• Granville George Leveson-Gower, second Earl Granville (1815-1891) served as Foreign Secretary three times between 1851 and 1885 and, in this and other positions, played a central role in the first three administrations of Prime Minister William Ewart Gladstone, as well as being one of Gladstone’s closest associates.
  • This largest section of the archive provides a panoramic insider perspective on the conduct of the Government at the height of the British Empire and illuminates many dramatic historical moments, such as the furious telegram the Queen sent to her ministers – including Granville – upon the fall of Khartoum in 1885 and the death of General Gordon.

“The Granville Archive is one of the most important single collections of papers and correspondence relating to British national life in the eighteenth and nineteenth centuries,” said William Frame, Head of Modern Archives and Manuscripts at the British Library. “We are delighted to have acquired the archive and we are tremendously grateful to the National Heritage Memorial Fund for their generous support, without which we would not have been able to make this purchase. The Granville Archive has deep and very rich connections with a number of other collections held by the British Library – especially the Canning Archive and the Gladstone Papers – and we are very pleased that researchers will be able to explore these connections under a single roof.”

Sir Peter Luff, Chair of NHMF said: “Spanning two centuries of political and private life, The Granville Archive is a remarkable resource.  Its coverage of global history from the American and French Revolutions through to the late-Victorian era is outstanding. The previously unexplored correspondence between Lord Granville and Lady Bessborough provides an intimate window into aristocratic society and family life. The National Heritage Memorial Fund felt it was imperative to save and unite this collection. Consisting of over four hundred boxes, the scale of this archive offers a rich and colourful understanding of the time period for both researchers and members of the public. To put it simply, it could not be overlooked.”

Heritage Minister Michael Ellis said: “This outstanding collection offers a unique insight into the personal and political lives of the aristocracy during an eventful period of British history. It is right that government investment has helped to ensure this archive remains accessible and in the public collection. That way, researchers can learn more about our past through the eyes of those who lived through it.”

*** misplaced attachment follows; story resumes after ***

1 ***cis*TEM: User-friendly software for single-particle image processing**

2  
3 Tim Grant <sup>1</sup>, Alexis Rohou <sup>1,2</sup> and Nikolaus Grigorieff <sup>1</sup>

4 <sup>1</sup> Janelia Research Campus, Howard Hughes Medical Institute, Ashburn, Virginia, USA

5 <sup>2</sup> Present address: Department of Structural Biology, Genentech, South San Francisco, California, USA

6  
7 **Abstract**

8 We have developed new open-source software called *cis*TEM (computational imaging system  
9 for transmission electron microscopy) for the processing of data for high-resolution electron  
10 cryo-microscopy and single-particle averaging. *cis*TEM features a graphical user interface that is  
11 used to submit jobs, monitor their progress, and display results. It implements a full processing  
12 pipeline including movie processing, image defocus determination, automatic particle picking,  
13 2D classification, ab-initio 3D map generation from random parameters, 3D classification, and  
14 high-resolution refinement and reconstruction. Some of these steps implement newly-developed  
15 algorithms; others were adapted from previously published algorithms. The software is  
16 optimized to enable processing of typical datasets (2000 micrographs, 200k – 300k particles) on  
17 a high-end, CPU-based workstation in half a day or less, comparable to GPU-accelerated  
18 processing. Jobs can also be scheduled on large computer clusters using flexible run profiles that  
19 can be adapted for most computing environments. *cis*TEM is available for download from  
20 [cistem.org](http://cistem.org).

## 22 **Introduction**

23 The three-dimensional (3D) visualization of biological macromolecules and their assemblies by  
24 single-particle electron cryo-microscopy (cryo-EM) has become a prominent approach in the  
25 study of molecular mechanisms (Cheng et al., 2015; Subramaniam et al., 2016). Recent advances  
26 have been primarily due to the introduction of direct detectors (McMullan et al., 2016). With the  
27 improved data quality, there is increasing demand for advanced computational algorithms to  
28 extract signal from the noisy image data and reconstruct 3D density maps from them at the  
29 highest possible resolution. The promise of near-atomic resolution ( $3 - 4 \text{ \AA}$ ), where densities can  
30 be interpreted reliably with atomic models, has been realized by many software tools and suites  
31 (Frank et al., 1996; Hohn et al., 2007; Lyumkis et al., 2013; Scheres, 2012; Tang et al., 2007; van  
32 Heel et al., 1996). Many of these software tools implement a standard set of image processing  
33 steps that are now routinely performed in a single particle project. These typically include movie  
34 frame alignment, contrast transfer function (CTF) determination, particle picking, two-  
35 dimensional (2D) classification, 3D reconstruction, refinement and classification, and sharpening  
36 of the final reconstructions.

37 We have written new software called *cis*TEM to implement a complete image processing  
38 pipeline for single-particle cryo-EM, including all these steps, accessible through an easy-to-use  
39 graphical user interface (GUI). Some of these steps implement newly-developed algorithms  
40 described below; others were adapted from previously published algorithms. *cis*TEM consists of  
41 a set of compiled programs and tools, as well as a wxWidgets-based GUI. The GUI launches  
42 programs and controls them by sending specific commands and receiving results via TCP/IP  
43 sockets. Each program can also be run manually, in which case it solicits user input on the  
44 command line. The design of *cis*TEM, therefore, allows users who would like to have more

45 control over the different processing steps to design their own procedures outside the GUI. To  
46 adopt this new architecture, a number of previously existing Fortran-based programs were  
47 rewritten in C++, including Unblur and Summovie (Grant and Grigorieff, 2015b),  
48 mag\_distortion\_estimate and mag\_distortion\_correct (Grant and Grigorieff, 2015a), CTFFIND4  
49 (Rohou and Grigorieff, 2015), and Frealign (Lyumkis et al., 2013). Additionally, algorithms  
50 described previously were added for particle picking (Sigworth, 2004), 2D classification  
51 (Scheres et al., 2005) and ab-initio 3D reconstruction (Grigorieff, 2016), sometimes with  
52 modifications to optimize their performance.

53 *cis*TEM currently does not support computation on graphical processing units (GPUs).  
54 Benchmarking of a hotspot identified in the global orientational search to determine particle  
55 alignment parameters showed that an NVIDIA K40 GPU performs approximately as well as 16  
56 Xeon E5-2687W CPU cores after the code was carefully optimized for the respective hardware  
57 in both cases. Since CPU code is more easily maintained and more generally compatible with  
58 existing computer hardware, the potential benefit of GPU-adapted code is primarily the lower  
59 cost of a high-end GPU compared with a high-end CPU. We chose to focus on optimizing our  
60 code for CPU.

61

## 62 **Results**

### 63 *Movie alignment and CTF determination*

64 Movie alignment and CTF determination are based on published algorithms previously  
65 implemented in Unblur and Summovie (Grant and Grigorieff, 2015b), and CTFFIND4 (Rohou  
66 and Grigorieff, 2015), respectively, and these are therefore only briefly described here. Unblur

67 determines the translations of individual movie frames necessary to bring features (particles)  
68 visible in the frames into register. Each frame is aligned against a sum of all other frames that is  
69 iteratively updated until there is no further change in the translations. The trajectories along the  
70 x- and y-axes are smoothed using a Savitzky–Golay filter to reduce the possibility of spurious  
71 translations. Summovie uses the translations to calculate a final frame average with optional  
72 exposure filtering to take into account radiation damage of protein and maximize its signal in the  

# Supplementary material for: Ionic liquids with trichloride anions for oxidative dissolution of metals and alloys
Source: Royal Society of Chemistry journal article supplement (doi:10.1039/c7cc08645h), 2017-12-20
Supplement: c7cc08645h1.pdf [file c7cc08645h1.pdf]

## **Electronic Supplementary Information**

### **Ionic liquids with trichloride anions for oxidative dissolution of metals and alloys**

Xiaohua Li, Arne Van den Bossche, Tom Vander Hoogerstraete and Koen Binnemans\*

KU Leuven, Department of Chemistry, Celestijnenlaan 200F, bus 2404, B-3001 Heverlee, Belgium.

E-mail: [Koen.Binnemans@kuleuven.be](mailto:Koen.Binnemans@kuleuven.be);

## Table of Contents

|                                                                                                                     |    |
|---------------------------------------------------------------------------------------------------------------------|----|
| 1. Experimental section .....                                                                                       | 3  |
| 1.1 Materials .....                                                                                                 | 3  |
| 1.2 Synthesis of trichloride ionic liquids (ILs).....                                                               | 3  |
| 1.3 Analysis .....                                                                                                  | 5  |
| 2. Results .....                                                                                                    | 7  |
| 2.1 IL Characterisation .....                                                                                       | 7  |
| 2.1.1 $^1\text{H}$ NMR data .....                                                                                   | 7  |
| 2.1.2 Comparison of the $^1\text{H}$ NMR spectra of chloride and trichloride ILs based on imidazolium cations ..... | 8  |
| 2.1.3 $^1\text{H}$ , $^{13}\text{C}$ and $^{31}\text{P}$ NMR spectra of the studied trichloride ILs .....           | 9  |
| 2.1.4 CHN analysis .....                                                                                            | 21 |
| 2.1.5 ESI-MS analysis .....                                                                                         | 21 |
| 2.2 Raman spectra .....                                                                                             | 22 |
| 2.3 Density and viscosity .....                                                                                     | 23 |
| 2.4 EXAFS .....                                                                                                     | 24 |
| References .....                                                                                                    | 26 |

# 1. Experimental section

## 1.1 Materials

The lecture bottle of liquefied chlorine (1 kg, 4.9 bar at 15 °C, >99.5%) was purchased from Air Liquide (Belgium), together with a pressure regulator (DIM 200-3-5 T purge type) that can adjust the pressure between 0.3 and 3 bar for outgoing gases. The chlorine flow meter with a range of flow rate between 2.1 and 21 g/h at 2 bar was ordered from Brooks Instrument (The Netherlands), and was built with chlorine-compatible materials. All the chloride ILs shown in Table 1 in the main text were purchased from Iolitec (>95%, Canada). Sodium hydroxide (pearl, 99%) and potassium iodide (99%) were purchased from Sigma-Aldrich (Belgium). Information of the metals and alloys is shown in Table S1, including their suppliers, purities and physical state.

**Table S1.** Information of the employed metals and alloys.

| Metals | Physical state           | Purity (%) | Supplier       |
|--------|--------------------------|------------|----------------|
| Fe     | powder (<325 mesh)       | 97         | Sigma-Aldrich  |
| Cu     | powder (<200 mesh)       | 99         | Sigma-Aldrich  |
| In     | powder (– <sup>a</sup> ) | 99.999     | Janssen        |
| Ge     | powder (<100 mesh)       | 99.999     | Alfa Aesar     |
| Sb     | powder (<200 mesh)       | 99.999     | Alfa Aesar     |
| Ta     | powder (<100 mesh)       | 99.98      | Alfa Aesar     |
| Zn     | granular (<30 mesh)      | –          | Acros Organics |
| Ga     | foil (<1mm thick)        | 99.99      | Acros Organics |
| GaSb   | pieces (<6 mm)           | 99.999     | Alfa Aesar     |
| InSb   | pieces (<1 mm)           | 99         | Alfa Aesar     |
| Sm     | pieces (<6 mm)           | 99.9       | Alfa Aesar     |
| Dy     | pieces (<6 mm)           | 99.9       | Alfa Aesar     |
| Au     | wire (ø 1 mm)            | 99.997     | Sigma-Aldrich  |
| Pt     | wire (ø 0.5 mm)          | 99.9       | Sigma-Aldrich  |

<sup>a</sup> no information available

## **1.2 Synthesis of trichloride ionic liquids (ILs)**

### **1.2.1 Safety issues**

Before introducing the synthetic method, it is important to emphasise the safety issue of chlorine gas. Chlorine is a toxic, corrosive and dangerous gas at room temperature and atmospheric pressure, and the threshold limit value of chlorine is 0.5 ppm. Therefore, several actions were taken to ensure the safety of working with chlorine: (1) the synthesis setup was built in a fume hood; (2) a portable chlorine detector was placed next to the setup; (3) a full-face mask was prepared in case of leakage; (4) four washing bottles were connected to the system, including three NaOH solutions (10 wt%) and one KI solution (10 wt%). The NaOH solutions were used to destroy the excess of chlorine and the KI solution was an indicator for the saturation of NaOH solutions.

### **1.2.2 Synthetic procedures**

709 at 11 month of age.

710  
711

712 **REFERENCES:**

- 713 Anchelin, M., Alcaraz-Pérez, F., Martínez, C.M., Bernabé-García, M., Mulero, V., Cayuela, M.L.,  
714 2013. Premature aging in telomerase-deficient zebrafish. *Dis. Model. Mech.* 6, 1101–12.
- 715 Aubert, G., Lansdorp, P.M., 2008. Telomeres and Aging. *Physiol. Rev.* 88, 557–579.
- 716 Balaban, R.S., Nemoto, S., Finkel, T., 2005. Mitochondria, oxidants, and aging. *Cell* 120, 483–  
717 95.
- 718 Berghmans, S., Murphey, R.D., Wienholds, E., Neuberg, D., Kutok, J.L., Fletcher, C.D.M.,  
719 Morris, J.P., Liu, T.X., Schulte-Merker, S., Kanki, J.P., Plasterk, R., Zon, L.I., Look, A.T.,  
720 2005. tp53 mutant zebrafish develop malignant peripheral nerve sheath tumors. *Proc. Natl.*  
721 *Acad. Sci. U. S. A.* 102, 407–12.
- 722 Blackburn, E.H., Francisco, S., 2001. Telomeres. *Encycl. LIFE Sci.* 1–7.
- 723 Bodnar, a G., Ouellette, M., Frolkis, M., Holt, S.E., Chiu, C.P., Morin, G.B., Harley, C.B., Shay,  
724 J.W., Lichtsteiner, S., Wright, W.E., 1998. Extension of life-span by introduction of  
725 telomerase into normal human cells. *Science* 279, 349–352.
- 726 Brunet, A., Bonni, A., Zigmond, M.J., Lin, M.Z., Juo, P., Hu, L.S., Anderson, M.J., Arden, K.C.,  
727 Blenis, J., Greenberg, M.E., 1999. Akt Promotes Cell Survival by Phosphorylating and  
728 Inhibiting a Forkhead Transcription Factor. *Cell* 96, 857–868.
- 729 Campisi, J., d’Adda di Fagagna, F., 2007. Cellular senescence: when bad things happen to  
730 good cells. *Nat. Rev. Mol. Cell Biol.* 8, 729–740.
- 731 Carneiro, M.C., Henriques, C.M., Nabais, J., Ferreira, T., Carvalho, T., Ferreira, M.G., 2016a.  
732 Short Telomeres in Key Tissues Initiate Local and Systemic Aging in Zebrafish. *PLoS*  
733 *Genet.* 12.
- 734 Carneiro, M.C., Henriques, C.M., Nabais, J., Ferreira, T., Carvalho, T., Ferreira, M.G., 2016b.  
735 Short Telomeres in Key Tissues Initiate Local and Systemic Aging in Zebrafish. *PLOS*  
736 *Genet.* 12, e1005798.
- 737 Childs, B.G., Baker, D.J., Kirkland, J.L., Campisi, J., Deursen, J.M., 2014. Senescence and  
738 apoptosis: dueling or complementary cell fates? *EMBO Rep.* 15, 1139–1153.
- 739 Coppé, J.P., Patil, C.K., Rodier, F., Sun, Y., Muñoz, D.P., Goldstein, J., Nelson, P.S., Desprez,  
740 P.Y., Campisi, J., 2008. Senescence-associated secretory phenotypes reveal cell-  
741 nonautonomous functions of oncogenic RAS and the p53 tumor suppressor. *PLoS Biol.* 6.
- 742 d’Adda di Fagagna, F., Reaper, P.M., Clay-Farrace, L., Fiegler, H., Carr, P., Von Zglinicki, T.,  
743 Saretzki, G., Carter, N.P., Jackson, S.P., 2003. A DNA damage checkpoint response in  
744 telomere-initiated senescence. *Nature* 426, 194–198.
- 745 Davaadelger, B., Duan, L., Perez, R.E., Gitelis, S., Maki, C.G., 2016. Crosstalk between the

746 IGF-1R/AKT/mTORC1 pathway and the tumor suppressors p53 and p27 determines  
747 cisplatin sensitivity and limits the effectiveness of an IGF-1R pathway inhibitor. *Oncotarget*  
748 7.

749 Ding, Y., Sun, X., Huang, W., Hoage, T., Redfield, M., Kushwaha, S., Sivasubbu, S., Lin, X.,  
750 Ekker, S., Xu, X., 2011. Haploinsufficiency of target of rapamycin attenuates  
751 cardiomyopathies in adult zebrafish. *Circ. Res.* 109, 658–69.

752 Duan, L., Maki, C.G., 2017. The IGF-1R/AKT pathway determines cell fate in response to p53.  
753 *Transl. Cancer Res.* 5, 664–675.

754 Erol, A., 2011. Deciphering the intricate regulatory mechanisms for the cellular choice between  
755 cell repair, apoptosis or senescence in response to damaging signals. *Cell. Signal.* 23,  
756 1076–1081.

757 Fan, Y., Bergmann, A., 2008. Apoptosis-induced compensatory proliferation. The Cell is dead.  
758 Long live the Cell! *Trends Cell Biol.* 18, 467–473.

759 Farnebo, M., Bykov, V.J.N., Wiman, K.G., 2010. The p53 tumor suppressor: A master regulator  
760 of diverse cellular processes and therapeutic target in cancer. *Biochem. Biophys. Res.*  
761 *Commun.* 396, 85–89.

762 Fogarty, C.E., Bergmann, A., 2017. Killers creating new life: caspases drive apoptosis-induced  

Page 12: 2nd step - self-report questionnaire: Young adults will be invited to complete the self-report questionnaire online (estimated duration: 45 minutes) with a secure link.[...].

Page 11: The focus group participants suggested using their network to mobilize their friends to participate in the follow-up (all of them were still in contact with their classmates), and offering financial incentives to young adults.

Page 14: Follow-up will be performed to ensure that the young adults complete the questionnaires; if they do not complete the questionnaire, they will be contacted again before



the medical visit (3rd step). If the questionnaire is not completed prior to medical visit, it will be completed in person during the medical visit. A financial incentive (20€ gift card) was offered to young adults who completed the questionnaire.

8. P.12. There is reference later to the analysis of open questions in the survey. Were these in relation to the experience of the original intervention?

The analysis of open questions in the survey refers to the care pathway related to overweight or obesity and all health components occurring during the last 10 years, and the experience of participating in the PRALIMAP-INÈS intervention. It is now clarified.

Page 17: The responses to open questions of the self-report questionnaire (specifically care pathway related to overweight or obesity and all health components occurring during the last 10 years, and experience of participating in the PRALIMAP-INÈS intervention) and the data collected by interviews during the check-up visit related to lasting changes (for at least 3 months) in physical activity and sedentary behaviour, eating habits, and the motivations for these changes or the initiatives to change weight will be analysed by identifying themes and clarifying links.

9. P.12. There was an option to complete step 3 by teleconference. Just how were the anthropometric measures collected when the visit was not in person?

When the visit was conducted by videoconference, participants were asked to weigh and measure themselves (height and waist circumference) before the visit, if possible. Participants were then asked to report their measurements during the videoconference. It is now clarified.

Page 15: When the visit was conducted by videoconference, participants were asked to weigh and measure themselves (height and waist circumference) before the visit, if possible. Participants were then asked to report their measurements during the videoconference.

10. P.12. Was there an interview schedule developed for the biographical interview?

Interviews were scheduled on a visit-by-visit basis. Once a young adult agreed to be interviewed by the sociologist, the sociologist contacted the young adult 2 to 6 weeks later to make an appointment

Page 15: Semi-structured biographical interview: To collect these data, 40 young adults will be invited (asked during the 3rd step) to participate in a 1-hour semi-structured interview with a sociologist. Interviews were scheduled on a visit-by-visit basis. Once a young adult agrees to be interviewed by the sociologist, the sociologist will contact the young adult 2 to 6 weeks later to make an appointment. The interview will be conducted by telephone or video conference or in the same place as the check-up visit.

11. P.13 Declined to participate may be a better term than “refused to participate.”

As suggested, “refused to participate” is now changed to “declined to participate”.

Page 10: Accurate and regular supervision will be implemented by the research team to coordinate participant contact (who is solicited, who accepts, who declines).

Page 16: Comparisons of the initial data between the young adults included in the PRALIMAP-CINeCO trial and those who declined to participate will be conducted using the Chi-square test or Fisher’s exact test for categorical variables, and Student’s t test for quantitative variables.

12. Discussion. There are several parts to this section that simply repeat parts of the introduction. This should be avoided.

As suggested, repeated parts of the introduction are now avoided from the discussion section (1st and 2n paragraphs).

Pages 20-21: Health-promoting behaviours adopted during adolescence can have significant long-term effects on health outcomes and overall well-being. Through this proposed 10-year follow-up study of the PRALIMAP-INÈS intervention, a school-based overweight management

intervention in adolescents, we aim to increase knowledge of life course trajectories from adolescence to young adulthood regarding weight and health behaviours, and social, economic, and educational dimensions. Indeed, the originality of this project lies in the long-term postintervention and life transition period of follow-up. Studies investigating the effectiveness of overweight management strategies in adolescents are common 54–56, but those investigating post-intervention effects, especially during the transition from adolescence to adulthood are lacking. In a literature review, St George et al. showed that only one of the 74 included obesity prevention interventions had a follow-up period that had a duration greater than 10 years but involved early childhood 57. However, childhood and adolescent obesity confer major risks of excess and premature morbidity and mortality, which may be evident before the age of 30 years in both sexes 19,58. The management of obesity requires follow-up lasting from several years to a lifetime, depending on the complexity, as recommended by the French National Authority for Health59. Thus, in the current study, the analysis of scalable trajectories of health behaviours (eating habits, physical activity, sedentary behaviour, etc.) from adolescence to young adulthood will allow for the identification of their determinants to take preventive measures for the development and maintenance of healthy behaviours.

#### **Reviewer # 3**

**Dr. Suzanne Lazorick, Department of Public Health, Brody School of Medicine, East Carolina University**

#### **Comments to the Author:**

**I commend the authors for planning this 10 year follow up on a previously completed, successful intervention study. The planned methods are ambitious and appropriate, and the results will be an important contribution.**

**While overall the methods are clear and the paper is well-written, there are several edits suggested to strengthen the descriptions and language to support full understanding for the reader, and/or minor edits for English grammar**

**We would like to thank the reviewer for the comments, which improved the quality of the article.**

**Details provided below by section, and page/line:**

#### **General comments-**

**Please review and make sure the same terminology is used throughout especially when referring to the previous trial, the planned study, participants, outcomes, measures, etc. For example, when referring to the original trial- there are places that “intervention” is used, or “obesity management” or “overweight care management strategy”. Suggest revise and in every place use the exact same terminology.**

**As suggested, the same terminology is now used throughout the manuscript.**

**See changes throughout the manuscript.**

The acquisition of the Granville Archive includes funding to ensure that it is fully catalogued, and it will become available to researchers in the British Library’s Reading Rooms at St Pancras within the next year.

From 1927 onwards the bulk of the Archive relating to politics and diplomacy was deposited on long-term loan with The National Archives (formerly the Public Record Office), while the tin trunks of private correspondence between Lord Granville and Lady Bessborough, and others of their generation, remained private and has not been available for research before.

“By acquiring this remarkable collection in its totality, we will be making the full extent of the Granville Archive available for the first time,” said William Frame. “By reuniting the collection and allowing researchers to explore the public and private lives of the Leveson-Gowers, it’s as though we will be seeing them as fully formed people for the first time.”

This acquisition has also been generously supported by: British Library Collections Trust, Friends of the National Libraries, Shaw Fund, the Eccles Centre for American Studies, the Bernard H. Breslauer Endowment and a private donor.


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Notes to Editors

The National Heritage Memorial Fund (NHMF) is a resource of last resort used to save some of the UK’s finest heritage which is at risk of being lost to the nation. The NHMF was launched in 1980 as a “memorial to those who have died for the United Kingdom”. Its fund was to be used for grants to help acquire, maintain or preserve for the nation any land, building or structure, or any object or collection, which is of outstanding scenic, historic, aesthetic, architectural, scientific or artistic interest.